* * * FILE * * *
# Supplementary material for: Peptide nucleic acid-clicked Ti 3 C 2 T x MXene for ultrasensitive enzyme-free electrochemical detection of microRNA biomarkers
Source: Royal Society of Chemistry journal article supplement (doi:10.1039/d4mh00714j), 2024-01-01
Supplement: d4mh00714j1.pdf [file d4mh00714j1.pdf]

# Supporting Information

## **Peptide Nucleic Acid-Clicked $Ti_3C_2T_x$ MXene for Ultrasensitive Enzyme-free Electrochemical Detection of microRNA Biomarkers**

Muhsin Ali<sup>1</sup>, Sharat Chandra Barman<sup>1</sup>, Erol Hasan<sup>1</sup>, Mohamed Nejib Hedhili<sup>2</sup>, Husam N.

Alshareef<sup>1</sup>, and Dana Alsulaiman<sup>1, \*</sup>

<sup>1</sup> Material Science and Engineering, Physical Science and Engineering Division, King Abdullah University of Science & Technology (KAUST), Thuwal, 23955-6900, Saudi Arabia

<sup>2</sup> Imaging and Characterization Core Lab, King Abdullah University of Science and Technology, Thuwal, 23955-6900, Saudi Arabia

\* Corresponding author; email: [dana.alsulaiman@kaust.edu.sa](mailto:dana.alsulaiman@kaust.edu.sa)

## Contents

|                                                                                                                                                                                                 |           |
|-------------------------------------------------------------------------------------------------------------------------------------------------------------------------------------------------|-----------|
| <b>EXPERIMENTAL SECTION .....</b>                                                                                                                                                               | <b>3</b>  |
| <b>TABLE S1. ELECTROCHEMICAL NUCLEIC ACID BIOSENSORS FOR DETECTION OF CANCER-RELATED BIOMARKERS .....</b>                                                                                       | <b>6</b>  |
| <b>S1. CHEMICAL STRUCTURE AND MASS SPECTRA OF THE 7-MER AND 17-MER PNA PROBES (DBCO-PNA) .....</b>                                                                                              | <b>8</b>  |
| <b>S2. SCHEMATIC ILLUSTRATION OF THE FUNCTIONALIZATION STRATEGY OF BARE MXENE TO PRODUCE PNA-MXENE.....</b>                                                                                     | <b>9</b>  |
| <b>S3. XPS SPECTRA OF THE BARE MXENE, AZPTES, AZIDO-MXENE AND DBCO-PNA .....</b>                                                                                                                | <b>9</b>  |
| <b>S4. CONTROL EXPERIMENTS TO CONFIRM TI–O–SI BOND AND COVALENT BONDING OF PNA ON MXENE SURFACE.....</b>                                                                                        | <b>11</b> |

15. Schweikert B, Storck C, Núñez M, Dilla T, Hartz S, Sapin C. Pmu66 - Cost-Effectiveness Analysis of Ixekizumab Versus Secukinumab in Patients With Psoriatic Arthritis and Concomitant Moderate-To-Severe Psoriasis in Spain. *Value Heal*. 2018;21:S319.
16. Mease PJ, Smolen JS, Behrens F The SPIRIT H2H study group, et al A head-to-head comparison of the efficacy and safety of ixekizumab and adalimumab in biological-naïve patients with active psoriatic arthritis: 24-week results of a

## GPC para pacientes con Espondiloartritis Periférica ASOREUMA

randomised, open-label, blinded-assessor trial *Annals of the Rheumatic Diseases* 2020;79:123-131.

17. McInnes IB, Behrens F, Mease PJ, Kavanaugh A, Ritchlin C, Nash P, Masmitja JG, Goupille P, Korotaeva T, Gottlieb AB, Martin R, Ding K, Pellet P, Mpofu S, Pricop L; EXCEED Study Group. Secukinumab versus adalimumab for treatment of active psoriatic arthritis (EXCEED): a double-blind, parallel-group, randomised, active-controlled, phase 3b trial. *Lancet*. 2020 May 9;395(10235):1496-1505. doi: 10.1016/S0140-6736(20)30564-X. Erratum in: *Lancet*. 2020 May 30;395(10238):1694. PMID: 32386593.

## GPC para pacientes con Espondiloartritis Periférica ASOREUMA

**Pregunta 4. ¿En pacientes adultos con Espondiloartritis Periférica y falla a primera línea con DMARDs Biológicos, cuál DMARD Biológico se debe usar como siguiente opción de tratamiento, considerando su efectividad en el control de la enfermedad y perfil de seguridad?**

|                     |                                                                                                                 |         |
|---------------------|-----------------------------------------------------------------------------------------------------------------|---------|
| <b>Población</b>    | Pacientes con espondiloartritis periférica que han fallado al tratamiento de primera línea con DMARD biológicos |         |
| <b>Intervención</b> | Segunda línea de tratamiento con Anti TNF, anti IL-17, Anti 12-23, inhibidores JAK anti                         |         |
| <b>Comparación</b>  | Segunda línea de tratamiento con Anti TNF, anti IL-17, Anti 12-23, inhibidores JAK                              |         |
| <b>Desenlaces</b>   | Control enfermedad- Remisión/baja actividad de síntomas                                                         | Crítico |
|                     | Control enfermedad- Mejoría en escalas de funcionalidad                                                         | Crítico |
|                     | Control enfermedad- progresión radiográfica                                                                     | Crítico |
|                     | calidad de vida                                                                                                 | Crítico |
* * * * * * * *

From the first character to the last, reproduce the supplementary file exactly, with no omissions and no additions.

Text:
# Supplementary material for: Peptide nucleic acid-clicked Ti 3 C 2 T x MXene for ultrasensitive enzyme-free electrochemical detection of microRNA biomarkers
Source: Royal Society of Chemistry journal article supplement (doi:10.1039/d4mh00714j), 2024-01-01
Supplement: d4mh00714j1.pdf [file d4mh00714j1.pdf]

# Supporting Information

## **Peptide Nucleic Acid-Clicked $Ti_3C_2T_x$ MXene for Ultrasensitive Enzyme-free Electrochemical Detection of microRNA Biomarkers**

Muhsin Ali<sup>1</sup>, Sharat Chandra Barman<sup>1</sup>, Erol Hasan<sup>1</sup>, Mohamed Nejib Hedhili<sup>2</sup>, Husam N.

Alshareef<sup>1</sup>, and Dana Alsulaiman<sup>1, \*</sup>

<sup>1</sup> Material Science and Engineering, Physical Science and Engineering Division, King Abdullah University of Science & Technology (KAUST), Thuwal, 23955-6900, Saudi Arabia

<sup>2</sup> Imaging and Characterization Core Lab, King Abdullah University of Science and Technology, Thuwal, 23955-6900, Saudi Arabia

\* Corresponding author; email: [dana.alsulaiman@kaust.edu.sa](mailto:dana.alsulaiman@kaust.edu.sa)

## Contents

|                                                                                                                                                                                                 |           |
|-------------------------------------------------------------------------------------------------------------------------------------------------------------------------------------------------|-----------|
| <b>EXPERIMENTAL SECTION .....</b>                                                                                                                                                               | <b>3</b>  |
| <b>TABLE S1. ELECTROCHEMICAL NUCLEIC ACID BIOSENSORS FOR DETECTION OF CANCER-RELATED BIOMARKERS .....</b>                                                                                       | <b>6</b>  |
| <b>S1. CHEMICAL STRUCTURE AND MASS SPECTRA OF THE 7-MER AND 17-MER PNA PROBES (DBCO-PNA) .....</b>                                                                                              | <b>8</b>  |
| <b>S2. SCHEMATIC ILLUSTRATION OF THE FUNCTIONALIZATION STRATEGY OF BARE MXENE TO PRODUCE PNA-MXENE.....</b>                                                                                     | <b>9</b>  |
| <b>S3. XPS SPECTRA OF THE BARE MXENE, AZPTES, AZIDO-MXENE AND DBCO-PNA .....</b>                                                                                                                | <b>9</b>  |
| <b>S4. CONTROL EXPERIMENTS TO CONFIRM TI–O–SI BOND AND COVALENT BONDING OF PNA ON MXENE SURFACE.....</b>                                                                                        | <b>11</b> |

15. Schweikert B, Storck C, Núñez M, Dilla T, Hartz S, Sapin C. Pmu66 - Cost-Effectiveness Analysis of Ixekizumab Versus Secukinumab in Patients With Psoriatic Arthritis and Concomitant Moderate-To-Severe Psoriasis in Spain. *Value Heal*. 2018;21:S319.
16. Mease PJ, Smolen JS, Behrens F The SPIRIT H2H study group, et al A head-to-head comparison of the efficacy and safety of ixekizumab and adalimumab in biological-naïve patients with active psoriatic arthritis: 24-week results of a

## GPC para pacientes con Espondiloartritis Periférica ASOREUMA

randomised, open-label, blinded-assessor trial *Annals of the Rheumatic Diseases* 2020;79:123-131.

17. McInnes IB, Behrens F, Mease PJ, Kavanaugh A, Ritchlin C, Nash P, Masmitja JG, Goupille P, Korotaeva T, Gottlieb AB, Martin R, Ding K, Pellet P, Mpofu S, Pricop L; EXCEED Study Group. Secukinumab versus adalimumab for treatment of active psoriatic arthritis (EXCEED): a double-blind, parallel-group, randomised, active-controlled, phase 3b trial. *Lancet*. 2020 May 9;395(10235):1496-1505. doi: 10.1016/S0140-6736(20)30564-X. Erratum in: *Lancet*. 2020 May 30;395(10238):1694. PMID: 32386593.

## GPC para pacientes con Espondiloartritis Periférica ASOREUMA

**Pregunta 4. ¿En pacientes adultos con Espondiloartritis Periférica y falla a primera línea con DMARDs Biológicos, cuál DMARD Biológico se debe usar como siguiente opción de tratamiento, considerando su efectividad en el control de la enfermedad y perfil de seguridad?**

|                     |                                                                                                                 |         |
|---------------------|-----------------------------------------------------------------------------------------------------------------|---------|
| <b>Población</b>    | Pacientes con espondiloartritis periférica que han fallado al tratamiento de primera línea con DMARD biológicos |         |
| <b>Intervención</b> | Segunda línea de tratamiento con Anti TNF, anti IL-17, Anti 12-23, inhibidores JAK anti                         |         |
| <b>Comparación</b>  | Segunda línea de tratamiento con Anti TNF, anti IL-17, Anti 12-23, inhibidores JAK                              |         |
| <b>Desenlaces</b>   | Control enfermedad- Remisión/baja actividad de síntomas                                                         | Crítico |
|                     | Control enfermedad- Mejoría en escalas de funcionalidad                                                         | Crítico |
|                     | Control enfermedad- progresión radiográfica                                                                     | Crítico |
|                     | calidad de vida                                                                                                 | Crítico |